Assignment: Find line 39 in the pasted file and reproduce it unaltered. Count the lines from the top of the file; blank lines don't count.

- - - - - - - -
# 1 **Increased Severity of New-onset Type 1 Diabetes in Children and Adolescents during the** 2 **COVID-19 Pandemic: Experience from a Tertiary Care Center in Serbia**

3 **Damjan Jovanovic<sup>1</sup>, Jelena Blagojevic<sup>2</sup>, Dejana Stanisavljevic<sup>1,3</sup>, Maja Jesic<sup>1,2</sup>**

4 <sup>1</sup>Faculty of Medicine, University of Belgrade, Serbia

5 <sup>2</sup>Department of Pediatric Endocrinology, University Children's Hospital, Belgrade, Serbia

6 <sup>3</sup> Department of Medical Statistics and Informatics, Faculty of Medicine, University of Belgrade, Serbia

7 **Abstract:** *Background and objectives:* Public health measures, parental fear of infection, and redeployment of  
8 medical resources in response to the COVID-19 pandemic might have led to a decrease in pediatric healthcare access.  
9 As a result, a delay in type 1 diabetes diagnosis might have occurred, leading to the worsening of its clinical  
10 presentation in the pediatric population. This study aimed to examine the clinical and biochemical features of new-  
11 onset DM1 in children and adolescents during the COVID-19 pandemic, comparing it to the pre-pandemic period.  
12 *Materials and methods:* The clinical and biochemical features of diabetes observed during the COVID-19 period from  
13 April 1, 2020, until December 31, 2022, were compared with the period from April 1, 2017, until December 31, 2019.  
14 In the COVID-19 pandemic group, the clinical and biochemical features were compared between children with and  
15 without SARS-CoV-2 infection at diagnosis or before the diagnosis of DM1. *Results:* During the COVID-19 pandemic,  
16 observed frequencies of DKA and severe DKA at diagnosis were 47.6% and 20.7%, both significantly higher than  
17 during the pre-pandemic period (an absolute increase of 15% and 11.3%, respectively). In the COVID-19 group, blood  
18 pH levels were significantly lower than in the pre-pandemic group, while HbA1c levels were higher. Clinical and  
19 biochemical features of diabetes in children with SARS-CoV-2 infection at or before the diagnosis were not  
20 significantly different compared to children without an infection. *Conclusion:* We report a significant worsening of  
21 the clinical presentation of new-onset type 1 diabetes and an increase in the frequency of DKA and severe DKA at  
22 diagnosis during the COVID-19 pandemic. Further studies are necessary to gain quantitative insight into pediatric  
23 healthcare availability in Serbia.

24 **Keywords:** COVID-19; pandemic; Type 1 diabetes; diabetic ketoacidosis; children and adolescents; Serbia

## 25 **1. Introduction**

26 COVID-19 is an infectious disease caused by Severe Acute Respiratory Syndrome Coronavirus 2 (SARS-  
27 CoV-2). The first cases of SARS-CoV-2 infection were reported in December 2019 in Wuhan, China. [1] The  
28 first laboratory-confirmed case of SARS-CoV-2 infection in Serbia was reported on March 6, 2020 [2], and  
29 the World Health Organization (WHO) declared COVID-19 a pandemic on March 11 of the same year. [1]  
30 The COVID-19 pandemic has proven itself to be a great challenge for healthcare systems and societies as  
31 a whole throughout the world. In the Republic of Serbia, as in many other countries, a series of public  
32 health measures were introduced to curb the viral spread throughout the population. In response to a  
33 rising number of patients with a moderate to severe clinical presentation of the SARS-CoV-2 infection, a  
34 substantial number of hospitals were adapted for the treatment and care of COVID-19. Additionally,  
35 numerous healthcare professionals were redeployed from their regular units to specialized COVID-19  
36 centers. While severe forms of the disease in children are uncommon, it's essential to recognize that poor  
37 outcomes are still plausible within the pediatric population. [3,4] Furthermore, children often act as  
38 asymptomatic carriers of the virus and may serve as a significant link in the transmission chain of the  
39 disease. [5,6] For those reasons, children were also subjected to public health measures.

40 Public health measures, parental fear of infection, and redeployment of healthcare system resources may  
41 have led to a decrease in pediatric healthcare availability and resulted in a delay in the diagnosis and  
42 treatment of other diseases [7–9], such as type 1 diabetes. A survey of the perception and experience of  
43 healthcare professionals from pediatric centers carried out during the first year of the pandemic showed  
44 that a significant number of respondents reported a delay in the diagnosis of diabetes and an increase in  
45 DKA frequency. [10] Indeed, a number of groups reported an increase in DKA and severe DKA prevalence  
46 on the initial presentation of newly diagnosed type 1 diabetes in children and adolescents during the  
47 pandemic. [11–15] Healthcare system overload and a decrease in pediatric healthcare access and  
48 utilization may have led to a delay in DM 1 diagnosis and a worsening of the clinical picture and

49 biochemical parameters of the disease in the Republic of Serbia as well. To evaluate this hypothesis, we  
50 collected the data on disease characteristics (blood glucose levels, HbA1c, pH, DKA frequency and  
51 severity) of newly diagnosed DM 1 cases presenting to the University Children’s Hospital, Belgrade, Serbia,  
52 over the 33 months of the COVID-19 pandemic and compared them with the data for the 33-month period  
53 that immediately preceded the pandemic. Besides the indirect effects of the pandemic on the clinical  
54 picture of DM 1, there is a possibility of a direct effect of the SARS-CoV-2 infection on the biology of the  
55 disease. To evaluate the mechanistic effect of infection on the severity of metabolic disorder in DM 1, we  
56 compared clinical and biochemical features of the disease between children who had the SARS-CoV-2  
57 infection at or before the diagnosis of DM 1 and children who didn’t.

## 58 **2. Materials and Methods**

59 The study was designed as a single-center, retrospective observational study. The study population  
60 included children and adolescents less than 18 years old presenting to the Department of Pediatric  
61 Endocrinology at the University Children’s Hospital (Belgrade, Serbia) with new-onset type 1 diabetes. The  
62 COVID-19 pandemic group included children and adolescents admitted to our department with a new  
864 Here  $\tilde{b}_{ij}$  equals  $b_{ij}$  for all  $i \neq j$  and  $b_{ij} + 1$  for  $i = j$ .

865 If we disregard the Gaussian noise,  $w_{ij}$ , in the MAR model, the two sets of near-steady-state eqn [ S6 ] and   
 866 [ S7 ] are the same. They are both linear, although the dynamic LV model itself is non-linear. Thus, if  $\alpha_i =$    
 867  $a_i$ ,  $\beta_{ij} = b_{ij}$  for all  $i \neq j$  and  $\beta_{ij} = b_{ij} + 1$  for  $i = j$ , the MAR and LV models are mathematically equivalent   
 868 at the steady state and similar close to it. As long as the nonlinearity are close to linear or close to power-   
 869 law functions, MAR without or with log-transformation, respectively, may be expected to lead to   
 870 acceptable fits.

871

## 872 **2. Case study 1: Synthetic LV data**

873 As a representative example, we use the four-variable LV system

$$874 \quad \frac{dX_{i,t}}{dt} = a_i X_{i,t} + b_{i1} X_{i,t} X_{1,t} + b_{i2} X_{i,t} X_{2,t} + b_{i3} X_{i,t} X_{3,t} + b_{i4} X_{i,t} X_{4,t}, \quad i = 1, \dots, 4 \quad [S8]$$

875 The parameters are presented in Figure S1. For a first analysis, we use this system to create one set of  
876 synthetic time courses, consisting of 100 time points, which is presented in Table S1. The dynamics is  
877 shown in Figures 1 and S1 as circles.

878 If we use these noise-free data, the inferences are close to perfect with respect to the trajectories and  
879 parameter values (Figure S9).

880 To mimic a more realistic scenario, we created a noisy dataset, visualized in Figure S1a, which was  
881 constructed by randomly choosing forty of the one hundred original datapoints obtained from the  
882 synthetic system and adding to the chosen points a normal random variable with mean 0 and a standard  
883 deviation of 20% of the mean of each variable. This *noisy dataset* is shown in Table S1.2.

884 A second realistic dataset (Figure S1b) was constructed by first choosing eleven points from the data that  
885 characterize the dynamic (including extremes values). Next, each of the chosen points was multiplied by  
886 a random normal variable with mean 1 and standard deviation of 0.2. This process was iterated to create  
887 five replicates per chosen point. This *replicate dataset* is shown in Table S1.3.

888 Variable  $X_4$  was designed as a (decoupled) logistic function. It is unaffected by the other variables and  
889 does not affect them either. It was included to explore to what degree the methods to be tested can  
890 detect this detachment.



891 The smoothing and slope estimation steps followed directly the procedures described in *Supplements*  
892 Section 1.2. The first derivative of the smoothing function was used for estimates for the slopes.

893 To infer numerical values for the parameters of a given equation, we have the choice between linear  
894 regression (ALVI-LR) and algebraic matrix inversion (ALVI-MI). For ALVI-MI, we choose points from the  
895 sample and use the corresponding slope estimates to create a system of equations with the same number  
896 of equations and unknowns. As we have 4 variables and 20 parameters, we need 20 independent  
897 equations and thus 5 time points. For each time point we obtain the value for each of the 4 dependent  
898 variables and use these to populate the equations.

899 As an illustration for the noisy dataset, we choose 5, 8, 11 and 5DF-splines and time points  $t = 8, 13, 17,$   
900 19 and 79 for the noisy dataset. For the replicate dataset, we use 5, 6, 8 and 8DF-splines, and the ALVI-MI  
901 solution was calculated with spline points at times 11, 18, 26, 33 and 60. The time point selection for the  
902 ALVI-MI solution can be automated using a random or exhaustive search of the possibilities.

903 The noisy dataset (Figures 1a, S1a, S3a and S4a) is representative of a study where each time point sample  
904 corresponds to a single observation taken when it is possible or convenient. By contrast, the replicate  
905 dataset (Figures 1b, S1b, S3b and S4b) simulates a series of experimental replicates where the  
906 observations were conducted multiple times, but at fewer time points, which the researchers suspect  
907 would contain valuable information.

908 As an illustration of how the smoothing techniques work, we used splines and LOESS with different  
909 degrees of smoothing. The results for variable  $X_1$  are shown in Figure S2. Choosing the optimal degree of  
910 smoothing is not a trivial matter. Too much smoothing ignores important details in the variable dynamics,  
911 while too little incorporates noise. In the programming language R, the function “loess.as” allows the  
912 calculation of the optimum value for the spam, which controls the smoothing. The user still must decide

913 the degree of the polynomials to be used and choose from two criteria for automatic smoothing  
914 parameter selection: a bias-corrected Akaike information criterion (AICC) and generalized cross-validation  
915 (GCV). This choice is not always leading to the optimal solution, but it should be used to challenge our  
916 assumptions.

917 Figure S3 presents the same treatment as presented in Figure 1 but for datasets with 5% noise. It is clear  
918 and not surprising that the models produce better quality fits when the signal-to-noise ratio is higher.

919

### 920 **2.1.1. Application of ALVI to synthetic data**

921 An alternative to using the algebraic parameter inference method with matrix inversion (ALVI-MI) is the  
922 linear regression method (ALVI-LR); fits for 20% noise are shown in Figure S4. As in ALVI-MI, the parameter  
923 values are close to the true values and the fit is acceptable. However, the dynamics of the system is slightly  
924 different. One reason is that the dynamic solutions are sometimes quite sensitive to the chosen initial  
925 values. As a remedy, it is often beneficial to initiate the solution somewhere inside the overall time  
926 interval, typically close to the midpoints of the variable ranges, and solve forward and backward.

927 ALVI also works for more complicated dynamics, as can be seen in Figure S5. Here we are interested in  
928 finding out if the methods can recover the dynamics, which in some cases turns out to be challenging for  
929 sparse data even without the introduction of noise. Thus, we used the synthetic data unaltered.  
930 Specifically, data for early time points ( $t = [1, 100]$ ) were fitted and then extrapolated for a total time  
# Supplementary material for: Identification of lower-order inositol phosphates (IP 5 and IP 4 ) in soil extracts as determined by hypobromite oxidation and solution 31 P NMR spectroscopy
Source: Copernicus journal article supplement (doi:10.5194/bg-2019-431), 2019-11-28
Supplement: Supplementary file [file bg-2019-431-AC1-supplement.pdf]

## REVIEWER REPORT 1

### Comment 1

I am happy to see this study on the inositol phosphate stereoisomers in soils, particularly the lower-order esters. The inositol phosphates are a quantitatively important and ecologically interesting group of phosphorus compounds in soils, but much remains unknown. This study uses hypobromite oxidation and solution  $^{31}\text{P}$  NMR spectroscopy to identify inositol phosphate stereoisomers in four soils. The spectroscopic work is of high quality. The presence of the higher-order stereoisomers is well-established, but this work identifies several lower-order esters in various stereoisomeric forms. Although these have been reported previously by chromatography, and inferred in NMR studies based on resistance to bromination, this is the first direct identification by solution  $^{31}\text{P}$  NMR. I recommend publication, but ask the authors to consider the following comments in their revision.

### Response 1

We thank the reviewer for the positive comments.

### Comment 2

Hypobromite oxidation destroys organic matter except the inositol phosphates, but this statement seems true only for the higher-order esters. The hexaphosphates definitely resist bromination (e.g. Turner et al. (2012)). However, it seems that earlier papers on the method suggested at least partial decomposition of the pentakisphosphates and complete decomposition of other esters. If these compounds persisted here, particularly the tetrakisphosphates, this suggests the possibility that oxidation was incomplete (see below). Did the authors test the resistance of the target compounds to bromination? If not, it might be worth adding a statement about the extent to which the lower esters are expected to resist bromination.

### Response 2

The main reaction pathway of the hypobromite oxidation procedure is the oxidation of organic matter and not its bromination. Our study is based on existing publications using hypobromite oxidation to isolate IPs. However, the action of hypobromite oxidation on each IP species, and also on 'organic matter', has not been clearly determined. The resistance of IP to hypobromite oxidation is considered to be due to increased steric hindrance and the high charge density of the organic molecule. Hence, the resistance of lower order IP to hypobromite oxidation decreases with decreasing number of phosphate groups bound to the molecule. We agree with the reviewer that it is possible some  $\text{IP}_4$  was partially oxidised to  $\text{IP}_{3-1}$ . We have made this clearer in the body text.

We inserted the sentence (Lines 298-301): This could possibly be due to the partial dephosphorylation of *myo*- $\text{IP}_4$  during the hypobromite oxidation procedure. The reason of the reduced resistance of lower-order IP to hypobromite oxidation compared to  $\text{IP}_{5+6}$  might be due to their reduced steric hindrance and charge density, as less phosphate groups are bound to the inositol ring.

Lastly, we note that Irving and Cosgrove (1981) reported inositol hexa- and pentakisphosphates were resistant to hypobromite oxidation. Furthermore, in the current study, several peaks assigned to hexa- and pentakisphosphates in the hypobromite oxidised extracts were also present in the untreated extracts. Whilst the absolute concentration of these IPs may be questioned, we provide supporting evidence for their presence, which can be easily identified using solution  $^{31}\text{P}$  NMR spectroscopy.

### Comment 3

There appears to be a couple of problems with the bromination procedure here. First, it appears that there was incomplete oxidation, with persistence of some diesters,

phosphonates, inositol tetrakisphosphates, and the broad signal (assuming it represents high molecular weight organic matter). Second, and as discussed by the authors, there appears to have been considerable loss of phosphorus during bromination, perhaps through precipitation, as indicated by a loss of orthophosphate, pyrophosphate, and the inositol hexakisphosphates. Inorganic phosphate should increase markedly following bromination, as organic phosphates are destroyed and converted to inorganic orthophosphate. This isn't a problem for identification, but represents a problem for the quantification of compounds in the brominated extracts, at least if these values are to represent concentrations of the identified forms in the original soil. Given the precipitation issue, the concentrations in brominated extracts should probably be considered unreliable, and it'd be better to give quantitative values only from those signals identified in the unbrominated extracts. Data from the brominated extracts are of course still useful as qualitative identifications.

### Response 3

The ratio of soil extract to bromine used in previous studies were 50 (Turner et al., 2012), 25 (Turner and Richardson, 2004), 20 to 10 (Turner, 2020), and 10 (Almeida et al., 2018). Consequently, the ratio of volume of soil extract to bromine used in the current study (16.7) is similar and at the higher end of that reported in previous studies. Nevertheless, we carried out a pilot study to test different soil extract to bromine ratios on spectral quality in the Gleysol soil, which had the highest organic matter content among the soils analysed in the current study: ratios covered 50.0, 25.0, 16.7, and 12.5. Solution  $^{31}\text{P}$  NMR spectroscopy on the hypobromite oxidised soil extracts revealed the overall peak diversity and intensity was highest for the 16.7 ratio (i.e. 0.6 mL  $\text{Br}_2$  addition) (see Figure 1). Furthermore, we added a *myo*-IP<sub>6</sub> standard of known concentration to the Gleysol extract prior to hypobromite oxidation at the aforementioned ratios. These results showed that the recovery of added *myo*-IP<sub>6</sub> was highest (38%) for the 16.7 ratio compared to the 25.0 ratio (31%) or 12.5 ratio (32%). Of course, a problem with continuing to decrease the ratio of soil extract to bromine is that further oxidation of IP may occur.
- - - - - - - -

40 Public health measures, parental fear of infection, and redeployment of healthcare system resources may  